Figures 2(a)-(c) shows B1s, C1s, and N1s XPS spectra for the samples shown in Figure 1. The elemental compositions (at%) of the as-deposited individual samples estimated from XPS wide scan spectra are summarized in Table 2. It has been observed that composition of these films was changed appreciably with the substrate temperature as well as with the RF power used. It has been observed that the B and N concentration increased while the C concentration decreased with the substrate temperature. It indicates that the substrate itself and deposition temperature might play an important role on the composition of the films.

The B1s XPS spectra (Figure 2(a)) for all the samples are found to be very symmetrical and could be fitted into almost a single Gaussian curves as shown by the broken lines. However, full width at half maximum (FWHM) of the peak became wide without splitting of the spectra, in comparison with that of the pure h-BN (FWHM = ~1.0 eV) [25]. The wider FWHM of the B1s peak suggests that B atoms have various chemical environments. Therefore, the B1s XPS spectra were deconvoluted into component peaks in order to discuss in more detail of the possible chemical environments around B atoms in these films.

The B1s spectra could be fitted by deconvoluting into two component peaks centered at 189.6 and 190.8 eV, respectively. The component peak centered at 189.6 eV is assigned to the B-C-N atomic hybrid as depicted by the other groups [26-28]. The peak centered at 190.8 eV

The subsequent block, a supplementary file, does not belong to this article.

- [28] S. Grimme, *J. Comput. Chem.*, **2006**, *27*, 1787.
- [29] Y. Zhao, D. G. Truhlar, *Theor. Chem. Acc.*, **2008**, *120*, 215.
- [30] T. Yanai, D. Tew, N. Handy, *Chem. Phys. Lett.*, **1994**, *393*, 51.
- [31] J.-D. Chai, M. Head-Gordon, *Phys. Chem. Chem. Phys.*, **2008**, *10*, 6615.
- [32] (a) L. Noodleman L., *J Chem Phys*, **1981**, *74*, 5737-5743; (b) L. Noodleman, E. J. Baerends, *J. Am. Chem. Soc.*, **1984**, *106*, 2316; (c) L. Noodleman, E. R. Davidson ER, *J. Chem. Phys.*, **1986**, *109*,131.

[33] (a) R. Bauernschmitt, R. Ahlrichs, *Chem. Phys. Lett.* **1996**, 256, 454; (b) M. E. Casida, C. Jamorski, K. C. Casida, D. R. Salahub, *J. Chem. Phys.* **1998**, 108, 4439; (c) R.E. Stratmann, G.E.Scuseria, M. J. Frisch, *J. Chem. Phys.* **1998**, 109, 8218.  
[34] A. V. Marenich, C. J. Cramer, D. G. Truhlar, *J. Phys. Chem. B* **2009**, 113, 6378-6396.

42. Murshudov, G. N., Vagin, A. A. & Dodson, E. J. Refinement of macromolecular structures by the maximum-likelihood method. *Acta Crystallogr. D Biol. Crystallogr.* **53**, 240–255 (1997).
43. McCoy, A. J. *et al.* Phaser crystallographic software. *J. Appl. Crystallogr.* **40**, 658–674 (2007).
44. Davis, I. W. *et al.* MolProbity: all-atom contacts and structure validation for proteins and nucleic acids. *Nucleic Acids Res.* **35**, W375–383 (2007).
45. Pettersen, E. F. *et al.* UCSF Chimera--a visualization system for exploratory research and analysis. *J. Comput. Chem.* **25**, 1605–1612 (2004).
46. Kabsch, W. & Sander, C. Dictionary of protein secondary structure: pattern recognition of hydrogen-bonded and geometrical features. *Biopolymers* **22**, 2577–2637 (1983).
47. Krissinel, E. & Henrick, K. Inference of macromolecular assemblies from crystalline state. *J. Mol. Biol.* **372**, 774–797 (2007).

Table 2. Atomic composition of the as-deposited B-C-N hybrid films. The atomic composition was estimated from the intensity ratio of the XPS wide scan spectra.

(a) (b) (c)

Figure 2. B1s, C1s, and N1s XP spectra of the samples shown in Figure 1 together with the single Gaussian curve (broken line) and the deconvoluted component peaks (dotted line). The corresponding substrate temperatures are also shown in the figure.

is ascribed to the sp2-B-N bonds in h-BN based ontheir reported binding energy which was found in the range of 190.0 - 191.0 eV [29-31].

However, it is not easy to distinguish the B-N bonds from the B-C-N hybrid because the B, C, and N atoms are bonded in the chemical environment similar to the BN3-like configurations. Moreover, h-BN and graphite are isoelectronic and lattice parameters of the h-BCN, h-BN and graphite are very similar [32]. Therefore, the component peak at 189.6 eV has been assigned to the sp2-B-C-N atomic hybrid configuration as we reported previously [15-18].